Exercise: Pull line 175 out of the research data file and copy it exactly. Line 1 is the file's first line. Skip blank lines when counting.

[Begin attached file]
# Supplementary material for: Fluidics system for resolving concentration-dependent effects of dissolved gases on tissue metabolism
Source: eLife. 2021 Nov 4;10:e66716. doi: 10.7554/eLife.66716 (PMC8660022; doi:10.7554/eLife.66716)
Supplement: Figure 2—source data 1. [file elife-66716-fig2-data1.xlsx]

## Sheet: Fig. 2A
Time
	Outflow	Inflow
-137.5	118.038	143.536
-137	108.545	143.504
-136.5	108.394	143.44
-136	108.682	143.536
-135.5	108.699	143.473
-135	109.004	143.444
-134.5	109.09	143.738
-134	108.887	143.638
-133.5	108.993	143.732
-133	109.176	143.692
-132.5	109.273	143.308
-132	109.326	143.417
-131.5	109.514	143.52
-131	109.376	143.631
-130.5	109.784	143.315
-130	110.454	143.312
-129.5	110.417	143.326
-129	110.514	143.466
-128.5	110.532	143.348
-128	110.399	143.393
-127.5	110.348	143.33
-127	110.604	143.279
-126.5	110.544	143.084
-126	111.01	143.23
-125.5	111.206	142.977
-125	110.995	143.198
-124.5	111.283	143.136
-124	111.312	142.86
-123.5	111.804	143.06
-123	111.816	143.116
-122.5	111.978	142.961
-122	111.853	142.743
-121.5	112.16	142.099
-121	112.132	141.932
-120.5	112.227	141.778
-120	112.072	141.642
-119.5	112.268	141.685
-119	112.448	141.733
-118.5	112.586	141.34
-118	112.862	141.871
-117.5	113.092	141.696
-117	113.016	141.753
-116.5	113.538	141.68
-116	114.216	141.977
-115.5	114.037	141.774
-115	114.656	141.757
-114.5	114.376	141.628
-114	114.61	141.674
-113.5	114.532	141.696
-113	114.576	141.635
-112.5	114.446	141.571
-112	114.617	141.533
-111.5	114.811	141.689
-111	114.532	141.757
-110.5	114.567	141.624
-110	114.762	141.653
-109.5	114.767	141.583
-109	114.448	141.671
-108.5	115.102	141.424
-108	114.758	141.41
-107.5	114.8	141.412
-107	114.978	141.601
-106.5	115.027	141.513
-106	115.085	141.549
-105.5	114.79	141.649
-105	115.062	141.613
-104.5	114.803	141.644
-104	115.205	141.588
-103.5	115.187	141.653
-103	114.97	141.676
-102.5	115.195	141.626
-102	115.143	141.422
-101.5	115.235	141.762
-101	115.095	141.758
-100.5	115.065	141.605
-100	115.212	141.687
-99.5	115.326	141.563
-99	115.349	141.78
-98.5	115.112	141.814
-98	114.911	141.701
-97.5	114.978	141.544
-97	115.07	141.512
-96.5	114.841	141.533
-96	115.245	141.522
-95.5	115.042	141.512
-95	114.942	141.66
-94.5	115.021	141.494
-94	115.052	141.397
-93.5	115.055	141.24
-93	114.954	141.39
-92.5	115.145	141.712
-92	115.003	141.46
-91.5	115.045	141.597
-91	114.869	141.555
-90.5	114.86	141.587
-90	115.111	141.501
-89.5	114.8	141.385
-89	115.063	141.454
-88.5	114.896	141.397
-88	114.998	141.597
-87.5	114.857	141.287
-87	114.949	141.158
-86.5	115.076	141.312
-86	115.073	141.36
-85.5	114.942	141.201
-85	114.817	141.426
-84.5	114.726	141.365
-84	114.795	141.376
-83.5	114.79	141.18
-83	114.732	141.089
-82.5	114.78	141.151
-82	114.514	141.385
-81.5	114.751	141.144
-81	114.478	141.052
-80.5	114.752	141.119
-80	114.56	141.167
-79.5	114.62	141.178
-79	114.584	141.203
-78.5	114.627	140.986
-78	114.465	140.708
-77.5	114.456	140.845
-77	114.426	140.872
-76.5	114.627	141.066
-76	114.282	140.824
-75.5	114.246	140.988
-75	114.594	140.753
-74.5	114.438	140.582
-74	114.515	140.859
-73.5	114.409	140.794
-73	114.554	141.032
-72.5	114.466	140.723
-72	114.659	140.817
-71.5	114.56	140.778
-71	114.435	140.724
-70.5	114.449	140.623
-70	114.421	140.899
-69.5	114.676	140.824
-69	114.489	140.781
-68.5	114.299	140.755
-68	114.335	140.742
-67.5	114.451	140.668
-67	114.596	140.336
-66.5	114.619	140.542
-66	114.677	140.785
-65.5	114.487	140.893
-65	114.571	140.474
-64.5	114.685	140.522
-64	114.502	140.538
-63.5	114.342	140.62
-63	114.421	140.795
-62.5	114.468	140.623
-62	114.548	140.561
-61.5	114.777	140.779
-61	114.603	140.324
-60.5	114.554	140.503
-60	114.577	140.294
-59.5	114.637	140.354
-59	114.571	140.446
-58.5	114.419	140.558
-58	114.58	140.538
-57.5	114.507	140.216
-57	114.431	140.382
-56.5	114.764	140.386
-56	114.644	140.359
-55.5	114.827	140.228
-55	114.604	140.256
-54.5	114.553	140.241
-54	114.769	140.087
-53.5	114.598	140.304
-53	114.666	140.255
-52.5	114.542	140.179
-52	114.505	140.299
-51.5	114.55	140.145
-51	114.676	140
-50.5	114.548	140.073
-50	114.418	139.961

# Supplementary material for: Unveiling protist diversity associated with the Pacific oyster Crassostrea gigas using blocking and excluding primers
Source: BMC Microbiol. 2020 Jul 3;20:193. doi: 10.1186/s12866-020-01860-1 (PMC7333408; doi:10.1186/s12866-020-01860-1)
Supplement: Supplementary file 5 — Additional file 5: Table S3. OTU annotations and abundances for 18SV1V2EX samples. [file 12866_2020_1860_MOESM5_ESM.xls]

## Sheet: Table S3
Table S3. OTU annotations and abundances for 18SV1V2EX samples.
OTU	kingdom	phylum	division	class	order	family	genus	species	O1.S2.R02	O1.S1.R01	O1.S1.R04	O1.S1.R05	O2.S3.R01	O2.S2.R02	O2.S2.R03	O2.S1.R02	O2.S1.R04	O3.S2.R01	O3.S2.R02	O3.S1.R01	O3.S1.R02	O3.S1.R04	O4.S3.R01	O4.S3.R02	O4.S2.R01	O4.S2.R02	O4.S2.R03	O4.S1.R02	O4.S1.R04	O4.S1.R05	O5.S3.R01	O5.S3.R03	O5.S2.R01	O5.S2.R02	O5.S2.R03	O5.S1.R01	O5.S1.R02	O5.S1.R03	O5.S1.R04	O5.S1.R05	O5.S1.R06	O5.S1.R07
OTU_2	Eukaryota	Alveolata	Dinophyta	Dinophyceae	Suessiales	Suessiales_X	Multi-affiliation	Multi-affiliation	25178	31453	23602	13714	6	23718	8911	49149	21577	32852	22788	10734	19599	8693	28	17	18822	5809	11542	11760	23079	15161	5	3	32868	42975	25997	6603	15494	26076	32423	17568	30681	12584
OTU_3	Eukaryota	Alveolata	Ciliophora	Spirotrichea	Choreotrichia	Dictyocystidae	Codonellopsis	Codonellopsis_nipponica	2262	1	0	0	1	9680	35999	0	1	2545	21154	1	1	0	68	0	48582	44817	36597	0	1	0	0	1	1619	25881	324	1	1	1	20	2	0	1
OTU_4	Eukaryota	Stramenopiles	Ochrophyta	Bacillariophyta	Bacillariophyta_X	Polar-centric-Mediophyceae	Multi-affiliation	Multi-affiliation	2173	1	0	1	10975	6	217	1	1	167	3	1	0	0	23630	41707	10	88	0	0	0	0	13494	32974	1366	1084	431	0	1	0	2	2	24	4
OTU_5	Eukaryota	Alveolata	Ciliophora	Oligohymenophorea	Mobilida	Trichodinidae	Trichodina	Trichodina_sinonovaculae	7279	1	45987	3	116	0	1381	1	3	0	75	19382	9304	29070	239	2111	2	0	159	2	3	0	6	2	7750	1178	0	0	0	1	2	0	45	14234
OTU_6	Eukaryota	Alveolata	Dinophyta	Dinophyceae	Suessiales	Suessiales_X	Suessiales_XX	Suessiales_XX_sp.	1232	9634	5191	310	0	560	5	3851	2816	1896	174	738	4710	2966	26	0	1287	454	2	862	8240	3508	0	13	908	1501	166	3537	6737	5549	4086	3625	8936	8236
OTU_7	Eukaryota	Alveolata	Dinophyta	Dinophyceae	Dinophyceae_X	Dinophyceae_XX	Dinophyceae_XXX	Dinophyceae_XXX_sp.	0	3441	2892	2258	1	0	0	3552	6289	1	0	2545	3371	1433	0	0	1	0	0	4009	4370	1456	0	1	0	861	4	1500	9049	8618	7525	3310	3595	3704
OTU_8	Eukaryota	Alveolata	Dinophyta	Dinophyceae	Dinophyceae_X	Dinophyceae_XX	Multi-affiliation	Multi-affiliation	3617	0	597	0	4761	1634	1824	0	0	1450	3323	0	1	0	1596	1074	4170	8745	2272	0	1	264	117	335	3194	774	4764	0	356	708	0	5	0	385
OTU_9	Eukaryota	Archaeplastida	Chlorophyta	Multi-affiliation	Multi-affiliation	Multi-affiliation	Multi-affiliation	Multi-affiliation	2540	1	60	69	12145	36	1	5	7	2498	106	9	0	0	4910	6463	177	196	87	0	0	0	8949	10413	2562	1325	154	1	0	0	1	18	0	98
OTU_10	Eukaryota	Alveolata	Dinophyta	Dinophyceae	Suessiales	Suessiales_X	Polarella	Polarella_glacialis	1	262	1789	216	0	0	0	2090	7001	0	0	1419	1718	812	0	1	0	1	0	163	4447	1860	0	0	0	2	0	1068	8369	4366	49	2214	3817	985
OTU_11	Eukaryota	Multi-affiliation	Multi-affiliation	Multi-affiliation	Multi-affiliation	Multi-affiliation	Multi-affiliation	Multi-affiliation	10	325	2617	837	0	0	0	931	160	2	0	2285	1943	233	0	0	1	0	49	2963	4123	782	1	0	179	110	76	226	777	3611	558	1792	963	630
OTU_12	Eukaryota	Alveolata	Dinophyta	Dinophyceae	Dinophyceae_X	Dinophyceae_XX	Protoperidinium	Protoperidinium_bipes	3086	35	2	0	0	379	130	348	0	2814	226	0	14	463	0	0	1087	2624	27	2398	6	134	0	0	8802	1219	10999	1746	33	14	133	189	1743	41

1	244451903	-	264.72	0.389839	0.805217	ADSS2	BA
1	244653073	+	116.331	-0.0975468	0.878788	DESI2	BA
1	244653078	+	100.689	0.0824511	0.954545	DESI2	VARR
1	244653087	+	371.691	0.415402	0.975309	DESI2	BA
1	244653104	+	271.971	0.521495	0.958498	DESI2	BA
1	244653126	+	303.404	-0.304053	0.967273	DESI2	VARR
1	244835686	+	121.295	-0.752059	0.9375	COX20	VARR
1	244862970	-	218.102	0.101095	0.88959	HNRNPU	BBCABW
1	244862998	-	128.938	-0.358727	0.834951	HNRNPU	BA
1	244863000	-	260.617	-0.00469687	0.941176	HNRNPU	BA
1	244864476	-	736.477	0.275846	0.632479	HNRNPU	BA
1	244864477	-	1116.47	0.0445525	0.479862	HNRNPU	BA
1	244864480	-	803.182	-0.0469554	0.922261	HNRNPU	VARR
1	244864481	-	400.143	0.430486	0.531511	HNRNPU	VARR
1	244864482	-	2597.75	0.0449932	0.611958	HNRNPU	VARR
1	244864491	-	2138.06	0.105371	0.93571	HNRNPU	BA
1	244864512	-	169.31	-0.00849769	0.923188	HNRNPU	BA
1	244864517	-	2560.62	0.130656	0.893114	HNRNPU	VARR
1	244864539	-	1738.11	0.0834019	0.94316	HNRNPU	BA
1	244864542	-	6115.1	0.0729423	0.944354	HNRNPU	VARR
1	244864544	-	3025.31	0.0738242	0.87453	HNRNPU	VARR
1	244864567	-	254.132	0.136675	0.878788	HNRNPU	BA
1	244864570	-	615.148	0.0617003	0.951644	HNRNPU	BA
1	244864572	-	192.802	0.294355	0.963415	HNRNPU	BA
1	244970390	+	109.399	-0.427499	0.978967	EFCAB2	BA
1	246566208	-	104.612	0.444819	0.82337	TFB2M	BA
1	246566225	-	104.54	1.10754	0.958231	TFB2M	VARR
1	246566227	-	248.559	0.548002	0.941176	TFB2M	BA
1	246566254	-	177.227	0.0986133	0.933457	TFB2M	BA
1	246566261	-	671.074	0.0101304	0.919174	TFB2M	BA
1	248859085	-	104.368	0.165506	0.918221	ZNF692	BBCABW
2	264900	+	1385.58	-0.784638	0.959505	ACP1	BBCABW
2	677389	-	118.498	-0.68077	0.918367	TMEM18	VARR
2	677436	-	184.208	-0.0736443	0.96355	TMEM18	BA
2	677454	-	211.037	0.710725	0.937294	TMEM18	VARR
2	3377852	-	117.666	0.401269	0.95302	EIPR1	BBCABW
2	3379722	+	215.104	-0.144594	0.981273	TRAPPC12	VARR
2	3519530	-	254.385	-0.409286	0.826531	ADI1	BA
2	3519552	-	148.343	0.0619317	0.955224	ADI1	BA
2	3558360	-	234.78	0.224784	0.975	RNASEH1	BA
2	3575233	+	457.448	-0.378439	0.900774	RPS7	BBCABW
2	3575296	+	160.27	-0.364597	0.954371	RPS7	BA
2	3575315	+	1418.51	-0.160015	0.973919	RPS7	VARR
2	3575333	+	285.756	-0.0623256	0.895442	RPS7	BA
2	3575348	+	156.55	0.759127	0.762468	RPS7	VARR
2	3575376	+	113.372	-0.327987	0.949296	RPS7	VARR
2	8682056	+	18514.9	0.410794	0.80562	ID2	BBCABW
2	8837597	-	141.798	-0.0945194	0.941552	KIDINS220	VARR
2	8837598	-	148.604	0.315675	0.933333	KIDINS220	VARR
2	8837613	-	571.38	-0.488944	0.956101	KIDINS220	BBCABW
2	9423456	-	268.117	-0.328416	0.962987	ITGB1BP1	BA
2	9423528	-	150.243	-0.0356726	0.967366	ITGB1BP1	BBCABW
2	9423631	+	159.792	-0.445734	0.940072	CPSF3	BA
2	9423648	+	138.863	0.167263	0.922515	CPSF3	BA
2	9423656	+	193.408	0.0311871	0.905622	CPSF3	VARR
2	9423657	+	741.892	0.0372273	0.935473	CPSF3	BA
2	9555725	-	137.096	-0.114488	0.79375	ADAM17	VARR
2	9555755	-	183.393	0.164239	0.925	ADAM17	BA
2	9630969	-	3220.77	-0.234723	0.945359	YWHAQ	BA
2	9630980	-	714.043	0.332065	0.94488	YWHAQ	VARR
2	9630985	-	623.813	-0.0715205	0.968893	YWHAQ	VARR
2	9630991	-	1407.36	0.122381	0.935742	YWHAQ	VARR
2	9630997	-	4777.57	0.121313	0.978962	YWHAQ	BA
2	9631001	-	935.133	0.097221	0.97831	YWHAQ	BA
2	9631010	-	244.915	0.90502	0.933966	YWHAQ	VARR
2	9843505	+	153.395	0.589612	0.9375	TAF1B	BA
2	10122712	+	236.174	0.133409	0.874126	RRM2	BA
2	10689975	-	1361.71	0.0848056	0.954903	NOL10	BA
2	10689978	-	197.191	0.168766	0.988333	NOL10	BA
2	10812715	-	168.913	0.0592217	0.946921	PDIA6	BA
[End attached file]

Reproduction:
-53.5	114.598	140.304